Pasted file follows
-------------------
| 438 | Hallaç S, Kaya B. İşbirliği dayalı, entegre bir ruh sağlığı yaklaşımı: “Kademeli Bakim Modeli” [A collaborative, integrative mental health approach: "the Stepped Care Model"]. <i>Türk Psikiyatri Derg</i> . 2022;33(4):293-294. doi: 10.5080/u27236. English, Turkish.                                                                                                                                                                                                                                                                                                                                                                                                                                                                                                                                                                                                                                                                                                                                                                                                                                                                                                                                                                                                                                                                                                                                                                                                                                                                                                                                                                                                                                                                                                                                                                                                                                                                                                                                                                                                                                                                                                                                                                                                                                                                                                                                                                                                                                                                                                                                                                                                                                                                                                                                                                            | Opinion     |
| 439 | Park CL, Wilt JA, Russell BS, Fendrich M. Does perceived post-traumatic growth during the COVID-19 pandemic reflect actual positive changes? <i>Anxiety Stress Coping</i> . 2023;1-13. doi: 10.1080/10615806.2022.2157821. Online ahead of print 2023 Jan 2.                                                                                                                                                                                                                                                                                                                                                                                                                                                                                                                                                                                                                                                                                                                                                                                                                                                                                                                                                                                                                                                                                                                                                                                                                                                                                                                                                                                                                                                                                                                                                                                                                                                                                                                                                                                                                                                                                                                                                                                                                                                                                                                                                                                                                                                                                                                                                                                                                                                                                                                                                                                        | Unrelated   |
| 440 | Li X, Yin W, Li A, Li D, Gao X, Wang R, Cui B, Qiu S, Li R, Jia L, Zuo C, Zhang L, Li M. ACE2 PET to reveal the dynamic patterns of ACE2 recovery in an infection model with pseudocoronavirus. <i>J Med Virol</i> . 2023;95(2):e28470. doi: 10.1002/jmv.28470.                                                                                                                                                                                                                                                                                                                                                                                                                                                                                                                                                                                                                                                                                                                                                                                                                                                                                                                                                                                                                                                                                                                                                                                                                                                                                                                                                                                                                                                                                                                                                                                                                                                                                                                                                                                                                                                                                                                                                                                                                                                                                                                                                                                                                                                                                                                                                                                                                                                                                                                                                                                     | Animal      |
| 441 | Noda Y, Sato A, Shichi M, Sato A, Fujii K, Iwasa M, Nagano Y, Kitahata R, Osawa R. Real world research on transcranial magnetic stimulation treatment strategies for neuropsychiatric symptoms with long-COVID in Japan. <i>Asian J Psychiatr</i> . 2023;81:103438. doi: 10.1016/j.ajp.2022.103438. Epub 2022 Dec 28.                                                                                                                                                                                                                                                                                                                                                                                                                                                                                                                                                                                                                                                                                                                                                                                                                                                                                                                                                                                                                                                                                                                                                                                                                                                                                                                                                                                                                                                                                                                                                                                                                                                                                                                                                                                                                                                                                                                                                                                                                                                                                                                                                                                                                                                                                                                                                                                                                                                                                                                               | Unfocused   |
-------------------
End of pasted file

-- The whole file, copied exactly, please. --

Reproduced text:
| 438 | Hallaç S, Kaya B. İşbirliği dayalı, entegre bir ruh sağlığı yaklaşımı: “Kademeli Bakim Modeli” [A collaborative, integrative mental health approach: "the Stepped Care Model"]. <i>Türk Psikiyatri Derg</i> . 2022;33(4):293-294. doi: 10.5080/u27236. English, Turkish.                                                                                                                                                                                                                                                                                                                                                                                                                                                                                                                                                                                                                                                                                                                                                                                                                                                                                                                                                                                                                                                                                                                                                                                                                                                                                                                                                                                                                                                                                                                                                                                                                                                                                                                                                                                                                                                                                                                                                                                                                                                                                                                                                                                                                                                                                                                                                                                                                                                                                                                                                                            | Opinion     |
| 439 | Park CL, Wilt JA, Russell BS, Fendrich M. Does perceived post-traumatic growth during the COVID-19 pandemic reflect actual positive changes? <i>Anxiety Stress Coping</i> . 2023;1-13. doi: 10.1080/10615806.2022.2157821. Online ahead of print 2023 Jan 2.                                                                                                                                                                                                                                                                                                                                                                                                                                                                                                                                                                                                                                                                                                                                                                                                                                                                                                                                                                                                                                                                                                                                                                                                                                                                                                                                                                                                                                                                                                                                                                                                                                                                                                                                                                                                                                                                                                                                                                                                                                                                                                                                                                                                                                                                                                                                                                                                                                                                                                                                                                                        | Unrelated   |
| 440 | Li X, Yin W, Li A, Li D, Gao X, Wang R, Cui B, Qiu S, Li R, Jia L, Zuo C, Zhang L, Li M. ACE2 PET to reveal the dynamic patterns of ACE2 recovery in an infection model with pseudocoronavirus. <i>J Med Virol</i> . 2023;95(2):e28470. doi: 10.1002/jmv.28470.                                                                                                                                                                                                                                                                                                                                                                                                                                                                                                                                                                                                                                                                                                                                                                                                                                                                                                                                                                                                                                                                                                                                                                                                                                                                                                                                                                                                                                                                                                                                                                                                                                                                                                                                                                                                                                                                                                                                                                                                                                                                                                                                                                                                                                                                                                                                                                                                                                                                                                                                                                                     | Animal      |
| 441 | Noda Y, Sato A, Shichi M, Sato A, Fujii K, Iwasa M, Nagano Y, Kitahata R, Osawa R. Real world research on transcranial magnetic stimulation treatment strategies for neuropsychiatric symptoms with long-COVID in Japan. <i>Asian J Psychiatr</i> . 2023;81:103438. doi: 10.1016/j.ajp.2022.103438. Epub 2022 Dec 28.                                                                                                                                                                                                                                                                                                                                                                                                                                                                                                                                                                                                                                                                                                                                                                                                                                                                                                                                                                                                                                                                                                                                                                                                                                                                                                                                                                                                                                                                                                                                                                                                                                                                                                                                                                                                                                                                                                                                                                                                                                                                                                                                                                                                                                                                                                                                                                                                                                                                                                                               | Unfocused   |